Signage should also direct visitors to specific parking areas with additional signage directing them to a central receiving station, guard post, or receptionist.
Landscaping in this open space should be designed to minimize hiding spots, such as low ground shrubbery, as well as shade tree canopies that are manicured to a height that does not impede full visual recognition of a human body at the furthest point.
The design of adequate, continuous, and even lighting is most important in the open spaces. This open space may be a parking lot, a field on the back corner of your property where old equipment is stored, a long ascending lawn toward your corporate headquarters, a concrete apron from a city street to your warehouse door, or simply a sidewalk.
Regardless of the size, the security goal for the open space should be to maximize surveillance, and adequate lighting makes this possible. There is a psychological advantage to using lighting, particularly against the opportunist who wants to conduct crime in the anonymity of darkness.
Additionally, when parking lot lighting is bright, consistent, and in good repair, employees feel safer, and they, along with trained security, can observe and report threats. Transition Space The third layer of security is the building transition points, which we know more commonly as doors, windows, and portals.
If a threat crosses into the perimeter and across the open space, the next destination is the edge of the building. How difficult would it be for an attacker to enter your building? Is the door already unlocked? Is there a mailbox, a fake rock, or a welcome mat where the spare key is hidden?
Is the door pass code scratched into the wall adjacent to the card reader? Did the office manager leave the windows open at night when everyone is gone? Is a custodian propping the door open?Tools that are available to security professionals interested in evaluating the contents of packets trying to gain entry into their trusted networks Planning a perimeter-oriented network defense strategy, one must understand where the perimeter lies, and the technologies are involved (Securing Your Network Perimeter, ).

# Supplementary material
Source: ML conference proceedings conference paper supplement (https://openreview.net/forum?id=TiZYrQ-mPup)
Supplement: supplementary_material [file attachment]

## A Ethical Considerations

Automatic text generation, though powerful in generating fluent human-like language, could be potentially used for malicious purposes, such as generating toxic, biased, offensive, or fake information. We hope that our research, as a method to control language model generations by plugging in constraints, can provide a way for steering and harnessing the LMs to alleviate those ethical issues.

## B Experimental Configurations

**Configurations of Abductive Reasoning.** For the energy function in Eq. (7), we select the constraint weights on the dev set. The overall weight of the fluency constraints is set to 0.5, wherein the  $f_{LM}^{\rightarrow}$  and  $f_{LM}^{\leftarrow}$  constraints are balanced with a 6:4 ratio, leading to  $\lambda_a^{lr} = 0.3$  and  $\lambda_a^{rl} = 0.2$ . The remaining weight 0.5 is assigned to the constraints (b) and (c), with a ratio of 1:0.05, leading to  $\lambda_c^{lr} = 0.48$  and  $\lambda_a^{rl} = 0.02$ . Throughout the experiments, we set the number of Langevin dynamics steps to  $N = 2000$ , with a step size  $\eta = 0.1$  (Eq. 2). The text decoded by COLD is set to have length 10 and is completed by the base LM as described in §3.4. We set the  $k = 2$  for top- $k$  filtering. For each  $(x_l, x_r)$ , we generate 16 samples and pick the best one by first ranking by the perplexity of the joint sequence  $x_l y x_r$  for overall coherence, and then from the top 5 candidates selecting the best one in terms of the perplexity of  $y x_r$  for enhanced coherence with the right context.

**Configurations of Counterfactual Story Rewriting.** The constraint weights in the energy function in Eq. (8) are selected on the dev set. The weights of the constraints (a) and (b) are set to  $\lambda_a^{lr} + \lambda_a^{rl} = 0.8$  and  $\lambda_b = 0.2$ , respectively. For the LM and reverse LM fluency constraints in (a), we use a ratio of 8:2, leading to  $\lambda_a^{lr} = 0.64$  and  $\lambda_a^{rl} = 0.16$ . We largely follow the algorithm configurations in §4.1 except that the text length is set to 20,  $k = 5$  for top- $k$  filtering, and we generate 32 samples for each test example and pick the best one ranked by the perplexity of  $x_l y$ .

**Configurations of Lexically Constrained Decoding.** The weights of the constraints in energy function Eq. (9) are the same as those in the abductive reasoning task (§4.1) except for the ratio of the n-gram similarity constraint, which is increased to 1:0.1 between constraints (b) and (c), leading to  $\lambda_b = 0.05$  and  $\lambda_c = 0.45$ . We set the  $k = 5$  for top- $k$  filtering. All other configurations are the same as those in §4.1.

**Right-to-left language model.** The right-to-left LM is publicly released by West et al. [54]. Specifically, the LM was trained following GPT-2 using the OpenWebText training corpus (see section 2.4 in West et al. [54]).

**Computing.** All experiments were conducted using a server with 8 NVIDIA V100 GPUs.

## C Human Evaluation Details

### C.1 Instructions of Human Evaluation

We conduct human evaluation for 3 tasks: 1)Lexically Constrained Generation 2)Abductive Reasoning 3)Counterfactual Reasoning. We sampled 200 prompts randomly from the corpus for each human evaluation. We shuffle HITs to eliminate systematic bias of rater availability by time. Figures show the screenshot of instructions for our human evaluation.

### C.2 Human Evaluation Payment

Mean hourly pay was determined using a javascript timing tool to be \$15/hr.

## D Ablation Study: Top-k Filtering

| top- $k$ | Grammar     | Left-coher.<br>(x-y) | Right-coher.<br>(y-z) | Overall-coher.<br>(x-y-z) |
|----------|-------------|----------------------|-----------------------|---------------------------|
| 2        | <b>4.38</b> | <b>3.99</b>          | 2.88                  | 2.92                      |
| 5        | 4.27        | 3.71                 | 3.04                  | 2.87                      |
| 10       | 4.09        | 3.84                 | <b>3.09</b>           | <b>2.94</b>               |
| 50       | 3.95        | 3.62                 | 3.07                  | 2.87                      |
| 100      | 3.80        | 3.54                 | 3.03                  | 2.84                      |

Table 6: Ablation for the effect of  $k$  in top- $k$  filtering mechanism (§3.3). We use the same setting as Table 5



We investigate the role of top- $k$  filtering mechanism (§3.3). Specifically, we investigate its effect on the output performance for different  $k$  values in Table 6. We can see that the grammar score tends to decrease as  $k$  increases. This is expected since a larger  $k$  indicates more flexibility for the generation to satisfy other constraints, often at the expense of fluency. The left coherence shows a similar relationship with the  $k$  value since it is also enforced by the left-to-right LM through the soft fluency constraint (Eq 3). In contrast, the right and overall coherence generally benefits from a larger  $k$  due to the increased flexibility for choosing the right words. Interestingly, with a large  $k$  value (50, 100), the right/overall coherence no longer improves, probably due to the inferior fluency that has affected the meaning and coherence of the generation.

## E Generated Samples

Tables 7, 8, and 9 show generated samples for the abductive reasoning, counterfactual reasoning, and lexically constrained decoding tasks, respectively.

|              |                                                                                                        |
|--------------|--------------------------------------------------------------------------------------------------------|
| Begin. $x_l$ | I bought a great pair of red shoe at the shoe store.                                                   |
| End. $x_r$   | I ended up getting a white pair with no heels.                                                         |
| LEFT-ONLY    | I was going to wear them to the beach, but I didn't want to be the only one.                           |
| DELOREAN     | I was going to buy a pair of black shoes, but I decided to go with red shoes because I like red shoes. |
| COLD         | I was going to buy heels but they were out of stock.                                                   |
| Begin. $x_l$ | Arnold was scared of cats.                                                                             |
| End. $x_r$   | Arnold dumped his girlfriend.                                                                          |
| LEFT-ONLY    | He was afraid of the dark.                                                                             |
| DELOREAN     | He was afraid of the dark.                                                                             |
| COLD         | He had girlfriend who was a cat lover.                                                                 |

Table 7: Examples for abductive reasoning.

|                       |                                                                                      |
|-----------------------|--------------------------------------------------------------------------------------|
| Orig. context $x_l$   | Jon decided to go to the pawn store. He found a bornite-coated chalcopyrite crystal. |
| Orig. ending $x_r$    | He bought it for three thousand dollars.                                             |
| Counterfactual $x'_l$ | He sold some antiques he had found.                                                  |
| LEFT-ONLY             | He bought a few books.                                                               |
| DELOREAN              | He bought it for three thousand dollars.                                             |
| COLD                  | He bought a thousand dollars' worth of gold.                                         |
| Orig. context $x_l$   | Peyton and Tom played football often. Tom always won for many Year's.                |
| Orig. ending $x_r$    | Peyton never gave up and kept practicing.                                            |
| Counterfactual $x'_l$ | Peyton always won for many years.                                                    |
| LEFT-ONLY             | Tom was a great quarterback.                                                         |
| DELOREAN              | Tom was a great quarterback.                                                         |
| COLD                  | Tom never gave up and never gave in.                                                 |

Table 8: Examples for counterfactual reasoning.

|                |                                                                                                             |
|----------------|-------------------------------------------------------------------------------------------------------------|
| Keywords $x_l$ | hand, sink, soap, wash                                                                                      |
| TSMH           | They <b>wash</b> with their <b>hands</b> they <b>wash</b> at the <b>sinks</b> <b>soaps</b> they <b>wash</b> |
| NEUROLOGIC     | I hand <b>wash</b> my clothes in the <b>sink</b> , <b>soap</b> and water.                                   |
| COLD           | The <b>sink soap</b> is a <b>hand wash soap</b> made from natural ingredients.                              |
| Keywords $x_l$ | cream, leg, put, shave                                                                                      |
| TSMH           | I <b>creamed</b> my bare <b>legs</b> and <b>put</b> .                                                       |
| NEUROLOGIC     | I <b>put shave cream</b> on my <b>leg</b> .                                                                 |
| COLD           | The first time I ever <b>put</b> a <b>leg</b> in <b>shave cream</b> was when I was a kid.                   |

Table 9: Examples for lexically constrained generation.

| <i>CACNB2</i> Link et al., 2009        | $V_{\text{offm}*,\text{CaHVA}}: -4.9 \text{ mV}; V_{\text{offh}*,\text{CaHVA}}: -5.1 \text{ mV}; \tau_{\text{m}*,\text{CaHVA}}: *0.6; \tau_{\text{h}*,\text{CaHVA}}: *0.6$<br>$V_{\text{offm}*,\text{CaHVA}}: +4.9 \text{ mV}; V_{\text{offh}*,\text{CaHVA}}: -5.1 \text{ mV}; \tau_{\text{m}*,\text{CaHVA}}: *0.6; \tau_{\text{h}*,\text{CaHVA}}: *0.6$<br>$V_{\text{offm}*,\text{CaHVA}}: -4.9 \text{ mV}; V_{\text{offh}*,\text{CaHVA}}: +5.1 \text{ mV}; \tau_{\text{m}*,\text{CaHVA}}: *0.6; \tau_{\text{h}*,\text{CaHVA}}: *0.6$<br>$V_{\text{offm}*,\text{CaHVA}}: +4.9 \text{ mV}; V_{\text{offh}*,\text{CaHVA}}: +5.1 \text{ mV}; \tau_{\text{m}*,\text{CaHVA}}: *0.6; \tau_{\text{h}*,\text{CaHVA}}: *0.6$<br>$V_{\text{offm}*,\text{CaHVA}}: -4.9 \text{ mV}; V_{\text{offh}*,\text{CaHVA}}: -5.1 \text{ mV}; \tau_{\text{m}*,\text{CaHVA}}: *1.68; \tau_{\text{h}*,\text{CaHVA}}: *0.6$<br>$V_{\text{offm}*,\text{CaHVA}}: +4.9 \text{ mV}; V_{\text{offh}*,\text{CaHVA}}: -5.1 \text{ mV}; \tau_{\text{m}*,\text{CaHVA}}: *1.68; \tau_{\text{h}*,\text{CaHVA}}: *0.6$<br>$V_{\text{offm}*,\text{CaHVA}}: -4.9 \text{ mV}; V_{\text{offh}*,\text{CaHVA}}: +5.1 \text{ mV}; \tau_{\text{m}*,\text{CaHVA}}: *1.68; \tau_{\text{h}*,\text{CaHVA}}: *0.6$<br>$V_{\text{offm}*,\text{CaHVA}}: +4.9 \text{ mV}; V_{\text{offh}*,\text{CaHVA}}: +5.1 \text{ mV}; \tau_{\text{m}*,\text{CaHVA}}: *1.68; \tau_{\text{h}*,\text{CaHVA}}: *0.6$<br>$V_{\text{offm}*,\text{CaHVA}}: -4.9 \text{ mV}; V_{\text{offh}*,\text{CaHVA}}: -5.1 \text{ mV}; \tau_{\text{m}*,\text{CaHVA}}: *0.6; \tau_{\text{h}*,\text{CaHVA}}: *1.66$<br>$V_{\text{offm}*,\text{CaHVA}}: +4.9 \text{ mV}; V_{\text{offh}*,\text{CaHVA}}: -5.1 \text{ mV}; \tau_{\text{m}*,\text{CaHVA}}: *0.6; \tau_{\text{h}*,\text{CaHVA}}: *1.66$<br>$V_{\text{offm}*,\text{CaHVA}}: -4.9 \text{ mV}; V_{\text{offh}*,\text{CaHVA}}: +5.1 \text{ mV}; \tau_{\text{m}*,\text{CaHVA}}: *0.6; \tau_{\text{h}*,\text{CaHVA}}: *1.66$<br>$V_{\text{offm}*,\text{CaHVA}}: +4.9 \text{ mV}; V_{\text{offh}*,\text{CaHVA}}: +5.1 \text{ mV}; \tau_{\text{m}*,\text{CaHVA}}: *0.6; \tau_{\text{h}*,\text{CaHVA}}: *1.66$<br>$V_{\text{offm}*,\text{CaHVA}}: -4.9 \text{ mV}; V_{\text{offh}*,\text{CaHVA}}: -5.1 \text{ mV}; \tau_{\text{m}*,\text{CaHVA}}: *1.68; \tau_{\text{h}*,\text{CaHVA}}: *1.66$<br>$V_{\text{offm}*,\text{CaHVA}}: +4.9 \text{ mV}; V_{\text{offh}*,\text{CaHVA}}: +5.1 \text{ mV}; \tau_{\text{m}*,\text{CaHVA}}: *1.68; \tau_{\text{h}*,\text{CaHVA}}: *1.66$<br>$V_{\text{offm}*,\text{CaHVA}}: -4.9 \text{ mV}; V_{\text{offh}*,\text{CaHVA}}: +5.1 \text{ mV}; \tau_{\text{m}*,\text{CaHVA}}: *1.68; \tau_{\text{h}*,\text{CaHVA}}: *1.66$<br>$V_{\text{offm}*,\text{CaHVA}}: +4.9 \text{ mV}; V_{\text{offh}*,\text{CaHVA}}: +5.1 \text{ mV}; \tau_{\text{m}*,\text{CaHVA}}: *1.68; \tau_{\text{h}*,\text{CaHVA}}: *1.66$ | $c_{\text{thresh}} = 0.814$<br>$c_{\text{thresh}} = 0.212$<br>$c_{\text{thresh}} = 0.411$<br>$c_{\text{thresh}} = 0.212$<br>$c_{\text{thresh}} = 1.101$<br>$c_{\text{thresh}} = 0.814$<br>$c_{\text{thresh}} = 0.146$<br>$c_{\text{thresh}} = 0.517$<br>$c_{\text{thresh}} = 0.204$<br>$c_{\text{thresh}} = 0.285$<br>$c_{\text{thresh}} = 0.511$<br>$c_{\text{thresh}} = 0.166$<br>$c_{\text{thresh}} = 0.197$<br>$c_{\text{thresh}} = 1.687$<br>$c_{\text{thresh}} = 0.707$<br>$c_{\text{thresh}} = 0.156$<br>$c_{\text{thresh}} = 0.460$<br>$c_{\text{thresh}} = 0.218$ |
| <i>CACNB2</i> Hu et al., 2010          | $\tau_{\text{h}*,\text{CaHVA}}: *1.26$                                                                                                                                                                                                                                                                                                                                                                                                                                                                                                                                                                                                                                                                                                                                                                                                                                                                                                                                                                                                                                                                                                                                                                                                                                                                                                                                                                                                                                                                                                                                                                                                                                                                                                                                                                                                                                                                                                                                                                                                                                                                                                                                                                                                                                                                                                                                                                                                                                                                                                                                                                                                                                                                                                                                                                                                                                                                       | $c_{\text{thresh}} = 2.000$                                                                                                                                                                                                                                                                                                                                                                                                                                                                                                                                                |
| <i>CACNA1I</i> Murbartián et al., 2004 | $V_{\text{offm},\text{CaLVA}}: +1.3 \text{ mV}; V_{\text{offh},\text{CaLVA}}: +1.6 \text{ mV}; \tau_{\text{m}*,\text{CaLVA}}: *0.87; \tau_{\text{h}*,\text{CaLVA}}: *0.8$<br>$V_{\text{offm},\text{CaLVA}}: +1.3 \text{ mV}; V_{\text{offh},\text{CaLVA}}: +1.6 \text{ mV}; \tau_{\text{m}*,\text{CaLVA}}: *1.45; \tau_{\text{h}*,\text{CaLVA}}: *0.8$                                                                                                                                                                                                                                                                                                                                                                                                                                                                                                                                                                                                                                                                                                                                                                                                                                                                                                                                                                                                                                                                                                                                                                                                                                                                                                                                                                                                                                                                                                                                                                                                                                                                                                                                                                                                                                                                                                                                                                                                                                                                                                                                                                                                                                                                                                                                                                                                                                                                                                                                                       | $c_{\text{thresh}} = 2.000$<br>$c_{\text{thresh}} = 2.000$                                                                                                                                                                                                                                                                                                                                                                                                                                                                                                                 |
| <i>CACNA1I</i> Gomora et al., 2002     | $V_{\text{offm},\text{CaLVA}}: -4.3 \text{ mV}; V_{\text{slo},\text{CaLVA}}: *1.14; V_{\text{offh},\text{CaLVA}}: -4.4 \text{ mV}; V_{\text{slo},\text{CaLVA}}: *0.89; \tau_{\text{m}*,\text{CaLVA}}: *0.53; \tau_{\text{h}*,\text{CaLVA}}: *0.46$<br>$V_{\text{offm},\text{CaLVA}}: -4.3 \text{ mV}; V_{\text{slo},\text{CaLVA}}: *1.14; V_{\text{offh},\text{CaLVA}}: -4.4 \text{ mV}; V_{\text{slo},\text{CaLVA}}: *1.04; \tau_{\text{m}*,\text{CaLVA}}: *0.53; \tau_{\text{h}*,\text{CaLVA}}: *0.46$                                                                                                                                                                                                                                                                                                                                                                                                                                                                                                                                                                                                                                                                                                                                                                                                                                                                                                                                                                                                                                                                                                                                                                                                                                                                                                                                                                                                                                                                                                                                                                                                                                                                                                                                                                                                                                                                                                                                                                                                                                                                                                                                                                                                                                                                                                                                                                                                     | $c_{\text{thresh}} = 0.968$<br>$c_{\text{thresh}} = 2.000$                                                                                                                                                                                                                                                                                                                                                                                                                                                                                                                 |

Meaning the edge is the network's boundary: the beginning of where %(5). Perimeter defense is just part of the protection suite.
Defense in depth means that several layers of security protect your network and its data, like Russian nesting dolls. The job of perimeter defense basically falls to your firewall devices.
Security Manager efficiently manages a wide range of grupobittia.com LAN INFRASTRUCTURE PROPOSAL 28 CIDR is a method of notation wherein a compact representation of the IP addresses and its routing prefix are represented. medium. quicker and more efficient business processes and the greater potential for creating entirely new business functions.
The security perimeter agenda is buried, but it’s not dead. U.S. President Donald Trump’s attitudes toward trade, immigration and international institutions make it difficult to work with his administration and may get Canadians thinking about looking for new international partners.
Feb 14, · In a rapidly changing technology landscape, the mindful decentralization of your organization’s security controls becomes an asset. This allows for a more customized approach to security in the. The end results of a fully integrated continental security perimeter could sacrifice what is left of Canadian sovereignty and independence.
This could bring its military, security and foreign policy under the umbrella of a single, U.S.-dominated North American Command.